By a one-vote margin, the House Foreign Affairs Committee passed the Armenian genocide resolution, but if what happened last year is any indication it will either not be brought to a vote or it will be voted down. We already know this, because this is what happens every year. This annual ritual includes the usual protestations and threats from Ankara. These always have their desired effect, because every Speaker yields to the President, and every administration yields to the Pentagon, which reliably implores every administration every year to scrap the resolution. Depending on the state of Israeli-Turkish relations, the resolution has relatively more or fewer backers. Given Erdogan’s treatment of Israel in the last year, there might be a few more than usual.
There is one good reason why the House should not pass the resolution, and at least a dozen bad ones. Max Boot rehearses some of these. The good reason is that the resolution would antagonize Turkey at a time when there might yet be a breakthrough in Turkish-Armenian relations. That would be a good outcome for both countries and for the region. It would honor the vision of Hrant Dink, who worked intently to improve relations between Turks and Armenians in Turkey and between the two republics. Dink argued that Diasporan Armenians should devote all their energy and time to building up the Hayastan that exists and cease dwelling on the genocide, as real and terrible as it was. Incredibly, it was the complete misunderstanding of his statements on this point that inspired his Turkish nationalist killer to murder him. The Republic of Armenia could use the economic and diplomatic links with Turkey, and this might work to lessen the tensions in the southern Caucasus that linger from the Karabakh war. If Turkish-Armenian rapprochement continues, the House should not pass the resolution.
Otherwise, the resolution ought to be passed. After all, it is actually not the business of Turkey whether our House of Representatives passes symbolic non-binding resolutions on any topic. One can argue that the House should never pass symbolic resolutions, but no one ever makes this argument except when it comes to defeating this resolution. Virtually no one who is not working for Ankara or pro-Turkish lobbying groups claims that the genocide did not happen or that it was not a state-organized genocide, so there is no good historical argument against recognition. We do not usually accommodate genocide deniers, and it continues to escape me why we should indulge them in this instance. It’s true that the resolution will do nothing for the victims, but then the resolution is really for the descendants of the survivors who support its passage. They wish to commemorate the attempted destruction of their people and their ancestors’ expulsion from their ancestral lands, and I cannot think of one other group of people in this country we would try to prevent from doing this. It is true that the resolution does not provide any justice for the victims, but then it also does nothing to harm or burden the modern Turkish state. Ankara’s constant opposition is not only shameful but also utterly irrational.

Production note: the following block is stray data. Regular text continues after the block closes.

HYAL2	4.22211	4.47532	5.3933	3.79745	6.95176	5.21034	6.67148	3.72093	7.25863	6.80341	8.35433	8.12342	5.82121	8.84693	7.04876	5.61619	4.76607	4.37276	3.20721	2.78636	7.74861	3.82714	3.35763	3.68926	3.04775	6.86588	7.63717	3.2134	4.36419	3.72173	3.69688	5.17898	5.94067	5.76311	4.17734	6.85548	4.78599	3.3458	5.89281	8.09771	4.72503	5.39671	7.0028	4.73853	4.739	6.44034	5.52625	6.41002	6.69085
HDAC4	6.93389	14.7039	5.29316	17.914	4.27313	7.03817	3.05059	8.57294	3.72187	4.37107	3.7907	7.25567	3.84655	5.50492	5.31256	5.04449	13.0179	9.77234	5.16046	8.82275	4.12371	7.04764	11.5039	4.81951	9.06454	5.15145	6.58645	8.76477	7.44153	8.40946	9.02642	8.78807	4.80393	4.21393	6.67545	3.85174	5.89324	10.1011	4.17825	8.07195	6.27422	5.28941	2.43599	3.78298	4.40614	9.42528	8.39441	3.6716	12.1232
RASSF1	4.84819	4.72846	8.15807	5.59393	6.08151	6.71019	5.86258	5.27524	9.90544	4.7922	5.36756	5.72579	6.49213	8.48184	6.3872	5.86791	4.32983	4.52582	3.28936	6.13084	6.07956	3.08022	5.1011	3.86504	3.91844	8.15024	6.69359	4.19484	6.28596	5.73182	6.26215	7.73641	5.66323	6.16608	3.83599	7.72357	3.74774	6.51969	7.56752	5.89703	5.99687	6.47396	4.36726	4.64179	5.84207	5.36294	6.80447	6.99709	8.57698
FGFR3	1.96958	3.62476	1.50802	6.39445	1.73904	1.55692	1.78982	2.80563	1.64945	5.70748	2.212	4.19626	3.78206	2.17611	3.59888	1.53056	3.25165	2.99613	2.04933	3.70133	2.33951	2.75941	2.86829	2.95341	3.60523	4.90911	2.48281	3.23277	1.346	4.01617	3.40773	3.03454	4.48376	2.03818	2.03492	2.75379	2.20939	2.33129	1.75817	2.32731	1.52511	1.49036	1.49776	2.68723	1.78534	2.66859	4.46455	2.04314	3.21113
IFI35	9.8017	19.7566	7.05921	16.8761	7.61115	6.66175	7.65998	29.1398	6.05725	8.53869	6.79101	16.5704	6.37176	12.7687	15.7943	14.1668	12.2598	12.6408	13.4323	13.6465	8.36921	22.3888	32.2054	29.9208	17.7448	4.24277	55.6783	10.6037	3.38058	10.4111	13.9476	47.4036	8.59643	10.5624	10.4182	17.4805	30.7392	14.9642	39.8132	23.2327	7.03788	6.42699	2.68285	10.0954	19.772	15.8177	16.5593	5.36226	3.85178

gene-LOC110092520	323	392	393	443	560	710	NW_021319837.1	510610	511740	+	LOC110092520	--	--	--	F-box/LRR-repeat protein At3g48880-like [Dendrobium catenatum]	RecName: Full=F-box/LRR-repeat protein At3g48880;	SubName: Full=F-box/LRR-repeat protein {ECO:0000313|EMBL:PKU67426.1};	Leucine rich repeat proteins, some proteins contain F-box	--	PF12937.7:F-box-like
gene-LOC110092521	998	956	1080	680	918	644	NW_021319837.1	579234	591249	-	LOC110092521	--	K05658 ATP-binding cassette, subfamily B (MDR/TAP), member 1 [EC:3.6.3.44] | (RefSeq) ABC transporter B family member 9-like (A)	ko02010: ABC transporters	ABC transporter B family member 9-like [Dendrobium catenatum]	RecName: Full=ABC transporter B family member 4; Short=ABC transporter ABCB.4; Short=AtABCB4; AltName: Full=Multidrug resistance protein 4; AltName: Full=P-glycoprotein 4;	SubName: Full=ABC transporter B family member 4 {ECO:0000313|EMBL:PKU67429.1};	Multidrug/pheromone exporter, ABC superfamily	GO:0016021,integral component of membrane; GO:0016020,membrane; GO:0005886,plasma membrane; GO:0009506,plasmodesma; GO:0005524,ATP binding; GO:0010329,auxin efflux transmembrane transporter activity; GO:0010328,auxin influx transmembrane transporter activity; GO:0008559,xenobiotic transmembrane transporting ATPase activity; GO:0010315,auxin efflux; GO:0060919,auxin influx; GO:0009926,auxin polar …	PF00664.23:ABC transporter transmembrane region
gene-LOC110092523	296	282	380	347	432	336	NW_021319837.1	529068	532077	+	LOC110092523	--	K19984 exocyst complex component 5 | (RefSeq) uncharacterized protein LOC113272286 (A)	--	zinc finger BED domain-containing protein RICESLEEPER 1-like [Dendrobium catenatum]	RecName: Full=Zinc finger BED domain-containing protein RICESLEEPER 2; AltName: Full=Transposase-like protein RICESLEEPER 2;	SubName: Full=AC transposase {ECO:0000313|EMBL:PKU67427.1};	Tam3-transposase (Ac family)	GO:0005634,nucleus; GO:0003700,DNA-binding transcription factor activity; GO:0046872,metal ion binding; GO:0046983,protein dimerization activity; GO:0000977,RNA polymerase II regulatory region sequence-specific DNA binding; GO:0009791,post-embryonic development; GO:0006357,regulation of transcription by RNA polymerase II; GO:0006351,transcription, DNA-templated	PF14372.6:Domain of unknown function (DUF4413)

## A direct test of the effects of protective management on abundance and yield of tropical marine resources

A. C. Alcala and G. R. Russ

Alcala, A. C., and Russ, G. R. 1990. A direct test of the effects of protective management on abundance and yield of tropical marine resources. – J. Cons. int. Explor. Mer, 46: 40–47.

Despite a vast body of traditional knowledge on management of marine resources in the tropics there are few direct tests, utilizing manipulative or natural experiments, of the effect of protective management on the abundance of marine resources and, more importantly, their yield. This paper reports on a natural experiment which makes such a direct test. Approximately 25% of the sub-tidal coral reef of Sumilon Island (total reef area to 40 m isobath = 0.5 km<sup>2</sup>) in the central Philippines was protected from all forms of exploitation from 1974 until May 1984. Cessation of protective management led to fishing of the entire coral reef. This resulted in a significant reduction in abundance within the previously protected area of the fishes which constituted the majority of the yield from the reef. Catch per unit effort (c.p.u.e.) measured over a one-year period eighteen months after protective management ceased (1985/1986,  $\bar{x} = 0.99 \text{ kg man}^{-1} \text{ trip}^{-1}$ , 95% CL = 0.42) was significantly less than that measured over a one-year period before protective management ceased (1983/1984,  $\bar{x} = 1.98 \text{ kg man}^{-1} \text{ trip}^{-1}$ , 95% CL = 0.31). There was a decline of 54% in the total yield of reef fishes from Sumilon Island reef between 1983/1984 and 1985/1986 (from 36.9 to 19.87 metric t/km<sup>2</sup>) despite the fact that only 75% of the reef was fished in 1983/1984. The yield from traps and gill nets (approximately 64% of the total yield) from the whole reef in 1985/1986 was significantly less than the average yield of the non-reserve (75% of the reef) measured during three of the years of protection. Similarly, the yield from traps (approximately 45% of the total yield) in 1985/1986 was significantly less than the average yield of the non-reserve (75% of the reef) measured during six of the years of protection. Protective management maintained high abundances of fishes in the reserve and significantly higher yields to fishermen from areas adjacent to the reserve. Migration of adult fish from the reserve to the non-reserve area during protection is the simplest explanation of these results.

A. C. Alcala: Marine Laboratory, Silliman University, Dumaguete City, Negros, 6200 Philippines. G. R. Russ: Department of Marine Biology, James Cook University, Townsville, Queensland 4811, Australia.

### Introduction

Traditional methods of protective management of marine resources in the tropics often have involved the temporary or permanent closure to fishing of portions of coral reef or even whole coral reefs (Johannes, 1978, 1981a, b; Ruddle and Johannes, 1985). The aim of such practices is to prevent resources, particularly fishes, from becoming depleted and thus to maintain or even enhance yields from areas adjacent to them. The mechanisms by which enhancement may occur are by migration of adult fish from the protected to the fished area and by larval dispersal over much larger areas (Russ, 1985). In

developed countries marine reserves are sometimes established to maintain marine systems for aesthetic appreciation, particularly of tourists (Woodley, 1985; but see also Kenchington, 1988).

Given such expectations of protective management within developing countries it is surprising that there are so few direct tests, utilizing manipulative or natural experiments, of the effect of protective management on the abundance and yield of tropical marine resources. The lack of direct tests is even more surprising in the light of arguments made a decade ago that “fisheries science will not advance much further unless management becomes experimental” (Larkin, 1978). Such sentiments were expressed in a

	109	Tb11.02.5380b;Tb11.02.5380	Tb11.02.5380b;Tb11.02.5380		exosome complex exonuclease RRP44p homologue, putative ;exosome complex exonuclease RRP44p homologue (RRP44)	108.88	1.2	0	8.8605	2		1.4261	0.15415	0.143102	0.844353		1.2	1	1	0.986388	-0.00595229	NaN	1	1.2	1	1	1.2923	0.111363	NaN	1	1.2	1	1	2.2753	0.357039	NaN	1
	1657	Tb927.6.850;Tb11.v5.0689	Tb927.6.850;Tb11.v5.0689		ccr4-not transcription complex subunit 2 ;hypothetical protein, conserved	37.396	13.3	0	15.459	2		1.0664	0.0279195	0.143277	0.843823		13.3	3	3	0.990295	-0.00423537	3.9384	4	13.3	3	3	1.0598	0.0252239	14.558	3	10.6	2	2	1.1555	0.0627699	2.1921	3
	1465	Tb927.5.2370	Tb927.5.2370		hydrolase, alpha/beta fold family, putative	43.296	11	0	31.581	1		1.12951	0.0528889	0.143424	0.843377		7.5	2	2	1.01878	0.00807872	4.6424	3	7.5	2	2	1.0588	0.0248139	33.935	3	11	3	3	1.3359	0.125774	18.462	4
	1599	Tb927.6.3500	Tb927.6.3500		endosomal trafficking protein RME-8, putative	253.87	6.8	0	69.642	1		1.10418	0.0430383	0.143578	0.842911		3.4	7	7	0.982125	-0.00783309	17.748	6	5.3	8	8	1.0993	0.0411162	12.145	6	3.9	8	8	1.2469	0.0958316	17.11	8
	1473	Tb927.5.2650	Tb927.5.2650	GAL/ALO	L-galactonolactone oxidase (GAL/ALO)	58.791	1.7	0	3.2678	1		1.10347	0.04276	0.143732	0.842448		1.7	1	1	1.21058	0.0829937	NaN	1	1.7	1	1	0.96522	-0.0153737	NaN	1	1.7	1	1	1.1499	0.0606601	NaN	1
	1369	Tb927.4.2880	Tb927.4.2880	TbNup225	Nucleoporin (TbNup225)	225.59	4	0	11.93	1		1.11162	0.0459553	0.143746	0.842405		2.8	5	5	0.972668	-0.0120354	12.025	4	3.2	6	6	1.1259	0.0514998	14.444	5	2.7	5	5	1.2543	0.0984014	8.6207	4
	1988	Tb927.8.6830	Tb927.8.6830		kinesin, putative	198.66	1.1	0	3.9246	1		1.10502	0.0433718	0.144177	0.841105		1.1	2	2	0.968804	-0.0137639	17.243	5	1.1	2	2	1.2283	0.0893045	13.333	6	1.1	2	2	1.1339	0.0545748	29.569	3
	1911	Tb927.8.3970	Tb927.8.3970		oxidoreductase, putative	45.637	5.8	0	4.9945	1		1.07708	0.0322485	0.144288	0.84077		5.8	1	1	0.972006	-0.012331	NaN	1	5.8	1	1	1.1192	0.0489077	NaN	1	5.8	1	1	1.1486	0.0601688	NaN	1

The alliance argument doesn’t hold up very well, either. After all, Turkey makes its own foreign policy and often does so in ways that are quite irritating to Washington. That is Turkey’s prerogative, and generally I have no problem with that, but it does undermine the claim that the U.S. must not displease solidly reliable Ankara with a symbolic, toothless resolution. Ankara annoys Washington and Washington infuriates Ankara on far more substantive issues. Somehow, the alliance survives the real rifts that these disagreements create, because the interests of both states dictate that the alliance is more valuable than the points of contention between our governments. It would survive recognition of the genocide, and once the recognition was done it need never disturb U.S.-Turkish relations again.
Boot mentions needing Turkish aid on Iran sanctions, when it is already virtually certain that Turkey has no intention of supporting a new round of sanctions. If the resolution is scrapped tomorrow, Turkey’s vote on the Security Council will still go against Washington’s proposal because Turkish interests diverge from Washington’s on this question. Since a new round of sanctions is misguided and probably futile, this isn’t so bad, but we need to understand that scrapping the resolution will not yield any substantive gains on policy elsewhere because Turkish cooperation on sanctioning Iran, for example, will not be forthcoming anyway.